Crafts, domestics, imports, and seasonals — we have it all – cases, 12-packs, 6-packs, and singles.

I have always found myself dealing with two types of beer stores; big distributors that only focus on beer water (and the occasional micro) and bottle shops with ridiculous prices. My beer problems were all resolved once I learned about Rt 19 Beer and Cigar. They have a single walk-in cooler that is jam-packed with domestic micros and international rarities. This cooler is a haven for beer nerds. Bring your winter coat because you will be in the cooler forever!

The only thing that outdoes their beer selection is their customer service. The friction of finding the right beer is diminished by simply emailing in your order. I have yet to stump them.

James G.


Miller, Coors, Bud – whatever your preference, we have all the top American classics at the best prices around.


Craft beer is consumable art, and we stock the most delicious varieties to suit every taste.


Like your beer from across the pond? Our daily stock includes a range of imports from the UK, Belgium, Canada, and more.


They’re here and then gone – seasonal beers make for a refreshing and exciting change to the standard routine.

Some of the breweries we carry include: 21st Amendment, Anderson Valley, Angry Orchard, Ballast Point, Bell’s, Blue Moon, Boulevard, Brooklyn, Budweiser, Coors, Corona, Deschutes, Dogfish Head, Duquesne, DuClaw, Erdinger, Evil Twin, Fat Head’s, Flying Dog, Founders, Full Pint, Goose Island, Great Divide, Great Lakes, Guinness, Harpoon, Heavy Seas, Heineken, Henry’s, Iron City, Ithaca, Knee Deep, Labatt, Lagunitas, Landshark, Leinenkugel’s, Left Hand, Long Trail, Miller, Magic Hat, Molson, Moosehead, New Belgium, Neshaminy Creek, North Coast, North Country, Oskar Blues, Penn, Pabst, Redd’s, Rogue, Rivertowne, Sam Adams, Shiner, Shock Top, Sierra Nevada, Spring House, Southern Tier, Stone, Sweetwater, Terrapin, Traveler’s, Troeg’s, Unibroue, Victory, Weyerbacher, Wyndridge, Yards, Yuengling… and many more!


Ales came first, when brewers weren’t exactly sure what role yeast played. Because ales were unstable, brewing ceased in warm weather and brewers would store reserves in as cool environments. Brewers storing their beer in very cold Alpine caves found that their beer was more stable because the yeast had sunk to the bottom.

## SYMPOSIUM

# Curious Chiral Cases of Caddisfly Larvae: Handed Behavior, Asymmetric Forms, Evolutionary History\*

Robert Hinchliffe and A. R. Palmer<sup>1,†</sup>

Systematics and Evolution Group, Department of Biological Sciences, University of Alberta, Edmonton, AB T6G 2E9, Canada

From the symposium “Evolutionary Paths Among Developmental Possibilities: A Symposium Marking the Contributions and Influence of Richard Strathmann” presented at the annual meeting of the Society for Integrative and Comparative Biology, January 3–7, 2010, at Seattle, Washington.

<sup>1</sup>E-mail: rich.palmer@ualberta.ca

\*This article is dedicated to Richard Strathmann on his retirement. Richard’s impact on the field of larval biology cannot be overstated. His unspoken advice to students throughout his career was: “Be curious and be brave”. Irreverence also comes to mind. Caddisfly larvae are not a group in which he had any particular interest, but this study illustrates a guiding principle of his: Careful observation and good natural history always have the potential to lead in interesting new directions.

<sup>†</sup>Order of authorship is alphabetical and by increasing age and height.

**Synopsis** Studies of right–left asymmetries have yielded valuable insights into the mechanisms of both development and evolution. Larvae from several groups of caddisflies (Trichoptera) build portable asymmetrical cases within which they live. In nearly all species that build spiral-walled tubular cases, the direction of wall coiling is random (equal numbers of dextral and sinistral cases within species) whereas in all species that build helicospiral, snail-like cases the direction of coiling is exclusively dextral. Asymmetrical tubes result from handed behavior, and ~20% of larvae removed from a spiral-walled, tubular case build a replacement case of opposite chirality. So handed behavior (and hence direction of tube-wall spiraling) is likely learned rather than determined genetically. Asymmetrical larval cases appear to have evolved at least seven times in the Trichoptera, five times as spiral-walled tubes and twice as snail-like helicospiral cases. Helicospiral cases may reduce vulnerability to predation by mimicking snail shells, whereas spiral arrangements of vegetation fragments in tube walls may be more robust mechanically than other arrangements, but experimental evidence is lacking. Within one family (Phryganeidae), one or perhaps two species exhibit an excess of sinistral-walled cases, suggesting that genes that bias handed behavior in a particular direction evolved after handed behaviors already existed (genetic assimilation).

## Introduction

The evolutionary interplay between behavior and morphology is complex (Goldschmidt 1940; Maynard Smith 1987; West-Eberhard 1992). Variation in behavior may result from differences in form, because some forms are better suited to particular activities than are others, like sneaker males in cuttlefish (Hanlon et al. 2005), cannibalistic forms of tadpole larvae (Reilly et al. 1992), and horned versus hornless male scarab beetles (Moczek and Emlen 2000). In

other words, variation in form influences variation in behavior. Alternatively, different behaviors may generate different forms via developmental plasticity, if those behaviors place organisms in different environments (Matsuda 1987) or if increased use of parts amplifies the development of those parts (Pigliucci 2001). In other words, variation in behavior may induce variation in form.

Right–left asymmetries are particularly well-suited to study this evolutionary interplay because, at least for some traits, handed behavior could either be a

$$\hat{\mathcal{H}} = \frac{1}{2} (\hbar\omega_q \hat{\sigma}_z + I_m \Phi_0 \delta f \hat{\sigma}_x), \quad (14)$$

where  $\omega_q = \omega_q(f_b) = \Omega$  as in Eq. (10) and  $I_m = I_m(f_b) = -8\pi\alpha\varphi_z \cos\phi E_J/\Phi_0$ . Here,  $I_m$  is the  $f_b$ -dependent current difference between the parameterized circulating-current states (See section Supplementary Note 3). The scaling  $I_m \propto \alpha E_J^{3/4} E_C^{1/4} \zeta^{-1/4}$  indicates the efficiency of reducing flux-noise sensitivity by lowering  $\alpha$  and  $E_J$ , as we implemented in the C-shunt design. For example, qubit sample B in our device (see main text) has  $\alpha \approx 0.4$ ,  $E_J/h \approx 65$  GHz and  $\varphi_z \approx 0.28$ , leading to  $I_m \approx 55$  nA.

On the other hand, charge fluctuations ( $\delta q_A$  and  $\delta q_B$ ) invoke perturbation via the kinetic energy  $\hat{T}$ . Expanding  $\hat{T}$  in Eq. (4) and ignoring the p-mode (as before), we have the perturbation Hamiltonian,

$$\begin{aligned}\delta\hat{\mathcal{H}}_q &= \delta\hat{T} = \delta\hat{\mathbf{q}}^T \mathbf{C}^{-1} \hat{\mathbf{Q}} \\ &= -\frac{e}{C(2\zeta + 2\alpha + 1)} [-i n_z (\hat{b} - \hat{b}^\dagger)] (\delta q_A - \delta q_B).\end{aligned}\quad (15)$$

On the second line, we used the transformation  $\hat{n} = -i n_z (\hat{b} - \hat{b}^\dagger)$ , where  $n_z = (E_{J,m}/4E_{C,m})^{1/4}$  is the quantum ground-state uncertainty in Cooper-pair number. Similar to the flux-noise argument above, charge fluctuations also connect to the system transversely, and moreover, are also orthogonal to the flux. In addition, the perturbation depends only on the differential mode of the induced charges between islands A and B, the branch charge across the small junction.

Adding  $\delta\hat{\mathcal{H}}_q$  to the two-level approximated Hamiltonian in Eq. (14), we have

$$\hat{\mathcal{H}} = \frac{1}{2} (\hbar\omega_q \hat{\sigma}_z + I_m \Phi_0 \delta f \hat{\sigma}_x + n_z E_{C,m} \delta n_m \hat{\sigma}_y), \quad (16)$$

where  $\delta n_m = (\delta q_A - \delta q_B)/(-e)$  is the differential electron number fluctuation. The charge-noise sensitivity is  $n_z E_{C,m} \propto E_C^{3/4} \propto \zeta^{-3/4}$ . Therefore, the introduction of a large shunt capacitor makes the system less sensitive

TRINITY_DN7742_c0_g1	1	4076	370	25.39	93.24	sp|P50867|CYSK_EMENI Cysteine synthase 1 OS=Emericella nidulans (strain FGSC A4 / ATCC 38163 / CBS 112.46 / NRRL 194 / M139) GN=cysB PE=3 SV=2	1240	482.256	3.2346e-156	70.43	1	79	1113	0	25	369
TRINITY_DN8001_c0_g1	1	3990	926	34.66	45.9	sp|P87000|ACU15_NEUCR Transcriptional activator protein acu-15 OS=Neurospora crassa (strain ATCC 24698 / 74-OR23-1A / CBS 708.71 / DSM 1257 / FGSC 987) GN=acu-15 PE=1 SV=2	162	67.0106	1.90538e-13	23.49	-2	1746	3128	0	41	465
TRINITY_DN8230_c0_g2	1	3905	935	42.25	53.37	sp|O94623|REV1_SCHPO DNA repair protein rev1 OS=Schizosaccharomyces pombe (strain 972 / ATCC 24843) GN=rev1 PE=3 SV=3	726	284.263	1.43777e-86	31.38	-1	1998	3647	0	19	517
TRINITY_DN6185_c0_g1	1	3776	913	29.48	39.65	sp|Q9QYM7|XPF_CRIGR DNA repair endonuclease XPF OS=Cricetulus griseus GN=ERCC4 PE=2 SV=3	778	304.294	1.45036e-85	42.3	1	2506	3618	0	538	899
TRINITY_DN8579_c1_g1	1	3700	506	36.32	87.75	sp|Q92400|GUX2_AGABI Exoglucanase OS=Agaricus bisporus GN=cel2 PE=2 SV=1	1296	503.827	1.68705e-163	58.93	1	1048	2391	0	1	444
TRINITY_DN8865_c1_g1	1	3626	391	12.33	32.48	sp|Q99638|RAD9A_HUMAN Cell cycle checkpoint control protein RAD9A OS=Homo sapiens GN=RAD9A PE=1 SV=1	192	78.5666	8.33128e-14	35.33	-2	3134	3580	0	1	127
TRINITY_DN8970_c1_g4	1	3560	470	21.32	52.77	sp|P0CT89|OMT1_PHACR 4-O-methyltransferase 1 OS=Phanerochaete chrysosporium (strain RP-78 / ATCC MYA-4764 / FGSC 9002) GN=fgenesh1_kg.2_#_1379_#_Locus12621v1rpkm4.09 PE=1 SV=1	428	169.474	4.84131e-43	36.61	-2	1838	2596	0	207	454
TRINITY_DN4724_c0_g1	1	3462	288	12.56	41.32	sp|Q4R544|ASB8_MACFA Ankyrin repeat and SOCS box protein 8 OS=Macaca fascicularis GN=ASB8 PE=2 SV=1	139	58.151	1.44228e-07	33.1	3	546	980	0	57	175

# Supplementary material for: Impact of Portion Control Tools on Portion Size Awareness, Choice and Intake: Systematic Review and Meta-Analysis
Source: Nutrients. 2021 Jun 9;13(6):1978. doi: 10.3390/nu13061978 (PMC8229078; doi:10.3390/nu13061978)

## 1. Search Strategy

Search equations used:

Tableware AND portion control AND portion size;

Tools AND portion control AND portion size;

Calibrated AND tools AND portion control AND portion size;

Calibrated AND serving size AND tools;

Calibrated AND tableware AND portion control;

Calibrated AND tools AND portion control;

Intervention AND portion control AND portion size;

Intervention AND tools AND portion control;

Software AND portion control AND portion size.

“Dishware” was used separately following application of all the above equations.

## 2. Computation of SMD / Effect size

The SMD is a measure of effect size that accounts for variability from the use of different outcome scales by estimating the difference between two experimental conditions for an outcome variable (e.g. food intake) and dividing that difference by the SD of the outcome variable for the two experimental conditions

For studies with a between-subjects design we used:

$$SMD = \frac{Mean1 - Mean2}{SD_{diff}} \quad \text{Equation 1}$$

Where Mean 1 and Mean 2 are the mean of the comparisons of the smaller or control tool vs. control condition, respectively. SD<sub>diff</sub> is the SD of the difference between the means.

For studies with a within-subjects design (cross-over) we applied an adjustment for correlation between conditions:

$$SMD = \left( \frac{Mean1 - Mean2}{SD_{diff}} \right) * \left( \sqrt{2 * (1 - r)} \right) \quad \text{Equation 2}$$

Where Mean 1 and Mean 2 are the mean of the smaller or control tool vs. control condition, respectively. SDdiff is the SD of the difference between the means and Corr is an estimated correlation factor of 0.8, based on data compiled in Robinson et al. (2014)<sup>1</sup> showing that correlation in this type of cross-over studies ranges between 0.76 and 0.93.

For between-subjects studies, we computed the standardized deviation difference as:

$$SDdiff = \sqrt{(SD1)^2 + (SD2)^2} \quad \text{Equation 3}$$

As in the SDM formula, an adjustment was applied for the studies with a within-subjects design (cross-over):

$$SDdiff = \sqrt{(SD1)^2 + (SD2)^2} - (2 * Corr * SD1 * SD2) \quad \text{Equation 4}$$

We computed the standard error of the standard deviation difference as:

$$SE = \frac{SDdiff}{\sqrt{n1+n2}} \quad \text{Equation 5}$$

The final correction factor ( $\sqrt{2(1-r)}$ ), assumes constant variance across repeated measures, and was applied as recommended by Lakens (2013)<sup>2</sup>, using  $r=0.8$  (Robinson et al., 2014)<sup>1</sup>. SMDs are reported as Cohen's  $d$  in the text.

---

Pale Ale
An American interpretation of a classic English style. Characterized by floral, fruity, citrus-like, piney, resinous, or sulfur-like American-variety hop character, producing medium to medium-high hop bitterness, flavor and aroma. American-style pale ales have medium body and low to medium maltiness that may include low caramel malt character.

English Pale Ale
ESB stands for “extra special bitter.” This style is known for its balance and the interplay between malt and hop bitterness. English pale ales display earthy, herbal English-variety hop character. Medium to high hop bitterness, flavor and aroma should be evident. The yeast strains used in these beers lend a fruitiness to their aromatics and flavor, referred to as esters. The residual malt and defining sweetness of this richly flavored, full-bodied bitter is medium to medium-high.

American IPA
Characterized by floral, fruity, citrus-like, piney or resinous American-variety hop character, this style is all about hop flavor, aroma and bitterness. This has been the most-entered category at the Great American Beer Festival for more than a decade, and is the top-selling craft beer style in supermarkets and liquor stores across the U.S.

English IPA
English yeast lends a fruity flavor and aroma. Different from its American counterparts, this style strikes a balance between malt and hops for a more rounded flavor.

Blonde Ale
Very approachable, a golden or blonde ale is an easy-drinking beer that is visually appealing and has no particularly dominating malt or hop characteristics. Rounded and smooth, it is an American classic known for its simplicity. Sometimes referred to as ‘golden ale.’ These beers can have honey, spices and fruit added, and may be fermented with lager or ale yeast.

Brown Ale
Roasted malt, caramel-like and chocolate-like characters should be of medium intensity in both flavor and aroma. American-style brown ales have evident low to medium hop flavor and aroma and medium to high hop bitterness. The history of this style dates back to U.S. homebrewers who were inspired by English-style brown ales and porters. It sits in flavor between those British styles and is more bitter than both. English-style brown ales range from dryer (Northern English) to sweeter (Southern English) maltiness. Roast malt tones (chocolate, nutty) may sometimes contribute to the flavor and aroma profile. Hop bitterness is very low to low, with very little hop flavor and aroma. Known for rich and advanced malt aroma and flavor without centering too much on hops.

Beers in this category are pale to deep light brown in color. Often bottle-conditioned, with some yeast character and high carbonation. Specialty ingredients, including spices, may contribute a unique and signature character. Commonly called ‘farmhouse ales’ and originating as summertime beers in Belgium, these are not just warm-weather treats. U.S. craft brewers brew them year-round and have taken to adding a variety of additional ingredients.